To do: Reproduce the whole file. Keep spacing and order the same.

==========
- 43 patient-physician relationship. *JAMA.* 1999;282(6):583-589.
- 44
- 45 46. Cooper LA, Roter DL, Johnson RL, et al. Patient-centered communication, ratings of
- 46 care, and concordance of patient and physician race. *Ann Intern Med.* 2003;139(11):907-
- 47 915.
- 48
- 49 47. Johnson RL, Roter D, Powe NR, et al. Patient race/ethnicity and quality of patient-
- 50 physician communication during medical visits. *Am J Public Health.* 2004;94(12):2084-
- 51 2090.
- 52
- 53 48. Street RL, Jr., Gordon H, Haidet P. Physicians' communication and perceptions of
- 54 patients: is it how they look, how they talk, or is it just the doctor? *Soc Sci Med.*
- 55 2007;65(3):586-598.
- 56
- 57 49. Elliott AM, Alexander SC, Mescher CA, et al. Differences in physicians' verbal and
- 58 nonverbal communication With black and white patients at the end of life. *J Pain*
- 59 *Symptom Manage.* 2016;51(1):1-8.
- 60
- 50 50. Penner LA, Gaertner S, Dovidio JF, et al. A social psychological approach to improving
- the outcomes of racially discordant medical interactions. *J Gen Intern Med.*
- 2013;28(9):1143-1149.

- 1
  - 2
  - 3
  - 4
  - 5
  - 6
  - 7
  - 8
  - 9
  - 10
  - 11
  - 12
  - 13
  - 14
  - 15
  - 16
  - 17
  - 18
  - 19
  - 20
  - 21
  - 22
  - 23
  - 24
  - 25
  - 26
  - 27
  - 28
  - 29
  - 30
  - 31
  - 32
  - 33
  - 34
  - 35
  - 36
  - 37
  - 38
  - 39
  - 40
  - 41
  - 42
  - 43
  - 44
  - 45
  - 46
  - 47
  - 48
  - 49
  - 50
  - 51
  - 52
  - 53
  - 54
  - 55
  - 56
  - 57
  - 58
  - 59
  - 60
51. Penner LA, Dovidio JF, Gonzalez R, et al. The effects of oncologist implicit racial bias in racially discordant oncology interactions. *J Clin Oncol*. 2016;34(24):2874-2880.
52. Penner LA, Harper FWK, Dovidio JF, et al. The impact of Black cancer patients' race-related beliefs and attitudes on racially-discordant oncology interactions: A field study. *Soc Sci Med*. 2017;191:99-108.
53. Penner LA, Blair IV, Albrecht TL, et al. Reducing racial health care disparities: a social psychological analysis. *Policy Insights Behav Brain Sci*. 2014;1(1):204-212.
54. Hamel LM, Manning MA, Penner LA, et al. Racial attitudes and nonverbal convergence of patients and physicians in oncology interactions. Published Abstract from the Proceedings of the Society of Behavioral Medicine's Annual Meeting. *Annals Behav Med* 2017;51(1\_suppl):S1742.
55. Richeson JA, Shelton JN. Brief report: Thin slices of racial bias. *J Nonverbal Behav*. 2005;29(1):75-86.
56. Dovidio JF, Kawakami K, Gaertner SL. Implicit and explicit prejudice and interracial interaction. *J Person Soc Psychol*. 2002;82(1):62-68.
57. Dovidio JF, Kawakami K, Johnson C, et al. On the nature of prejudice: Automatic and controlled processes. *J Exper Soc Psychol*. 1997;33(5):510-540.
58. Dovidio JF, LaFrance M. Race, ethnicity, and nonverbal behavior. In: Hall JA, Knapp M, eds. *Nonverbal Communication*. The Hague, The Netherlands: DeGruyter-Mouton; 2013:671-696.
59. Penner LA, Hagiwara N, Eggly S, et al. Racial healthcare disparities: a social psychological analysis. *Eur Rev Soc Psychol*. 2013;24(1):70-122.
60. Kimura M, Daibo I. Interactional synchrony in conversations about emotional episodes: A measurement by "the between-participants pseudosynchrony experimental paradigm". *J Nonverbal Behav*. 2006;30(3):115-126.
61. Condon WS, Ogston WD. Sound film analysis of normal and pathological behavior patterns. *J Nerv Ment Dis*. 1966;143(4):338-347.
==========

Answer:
- 43 patient-physician relationship. *JAMA.* 1999;282(6):583-589.
- 44
- 45 46. Cooper LA, Roter DL, Johnson RL, et al. Patient-centered communication, ratings of
- 46 care, and concordance of patient and physician race. *Ann Intern Med.* 2003;139(11):907-
- 47 915.
- 48
- 49 47. Johnson RL, Roter D, Powe NR, et al. Patient race/ethnicity and quality of patient-
- 50 physician communication during medical visits. *Am J Public Health.* 2004;94(12):2084-
- 51 2090.
- 52
- 53 48. Street RL, Jr., Gordon H, Haidet P. Physicians' communication and perceptions of
- 54 patients: is it how they look, how they talk, or is it just the doctor? *Soc Sci Med.*
- 55 2007;65(3):586-598.
- 56
- 57 49. Elliott AM, Alexander SC, Mescher CA, et al. Differences in physicians' verbal and
- 58 nonverbal communication With black and white patients at the end of life. *J Pain*
- 59 *Symptom Manage.* 2016;51(1):1-8.
- 60
- 50 50. Penner LA, Gaertner S, Dovidio JF, et al. A social psychological approach to improving
- the outcomes of racially discordant medical interactions. *J Gen Intern Med.*
- 2013;28(9):1143-1149.

- 1
  - 2
  - 3
  - 4
  - 5
  - 6
  - 7
  - 8
  - 9
  - 10
  - 11
  - 12
  - 13
  - 14
  - 15
  - 16
  - 17
  - 18
  - 19
  - 20
  - 21
  - 22
  - 23
  - 24
  - 25
  - 26
  - 27
  - 28
  - 29
  - 30
  - 31
  - 32
  - 33
  - 34
  - 35
  - 36
  - 37
  - 38
  - 39
  - 40
  - 41
  - 42
  - 43
  - 44
  - 45
  - 46
  - 47
  - 48
  - 49
  - 50
  - 51
  - 52
  - 53
  - 54
  - 55
  - 56
  - 57
  - 58
  - 59
  - 60
51. Penner LA, Dovidio JF, Gonzalez R, et al. The effects of oncologist implicit racial bias in racially discordant oncology interactions. *J Clin Oncol*. 2016;34(24):2874-2880.
52. Penner LA, Harper FWK, Dovidio JF, et al. The impact of Black cancer patients' race-related beliefs and attitudes on racially-discordant oncology interactions: A field study. *Soc Sci Med*. 2017;191:99-108.
53. Penner LA, Blair IV, Albrecht TL, et al. Reducing racial health care disparities: a social psychological analysis. *Policy Insights Behav Brain Sci*. 2014;1(1):204-212.
54. Hamel LM, Manning MA, Penner LA, et al. Racial attitudes and nonverbal convergence of patients and physicians in oncology interactions. Published Abstract from the Proceedings of the Society of Behavioral Medicine's Annual Meeting. *Annals Behav Med* 2017;51(1\_suppl):S1742.
55. Richeson JA, Shelton JN. Brief report: Thin slices of racial bias. *J Nonverbal Behav*. 2005;29(1):75-86.
56. Dovidio JF, Kawakami K, Gaertner SL. Implicit and explicit prejudice and interracial interaction. *J Person Soc Psychol*. 2002;82(1):62-68.
57. Dovidio JF, Kawakami K, Johnson C, et al. On the nature of prejudice: Automatic and controlled processes. *J Exper Soc Psychol*. 1997;33(5):510-540.
58. Dovidio JF, LaFrance M. Race, ethnicity, and nonverbal behavior. In: Hall JA, Knapp M, eds. *Nonverbal Communication*. The Hague, The Netherlands: DeGruyter-Mouton; 2013:671-696.
59. Penner LA, Hagiwara N, Eggly S, et al. Racial healthcare disparities: a social psychological analysis. *Eur Rev Soc Psychol*. 2013;24(1):70-122.
60. Kimura M, Daibo I. Interactional synchrony in conversations about emotional episodes: A measurement by "the between-participants pseudosynchrony experimental paradigm". *J Nonverbal Behav*. 2006;30(3):115-126.
61. Condon WS, Ogston WD. Sound film analysis of normal and pathological behavior patterns. *J Nerv Ment Dis*. 1966;143(4):338-347.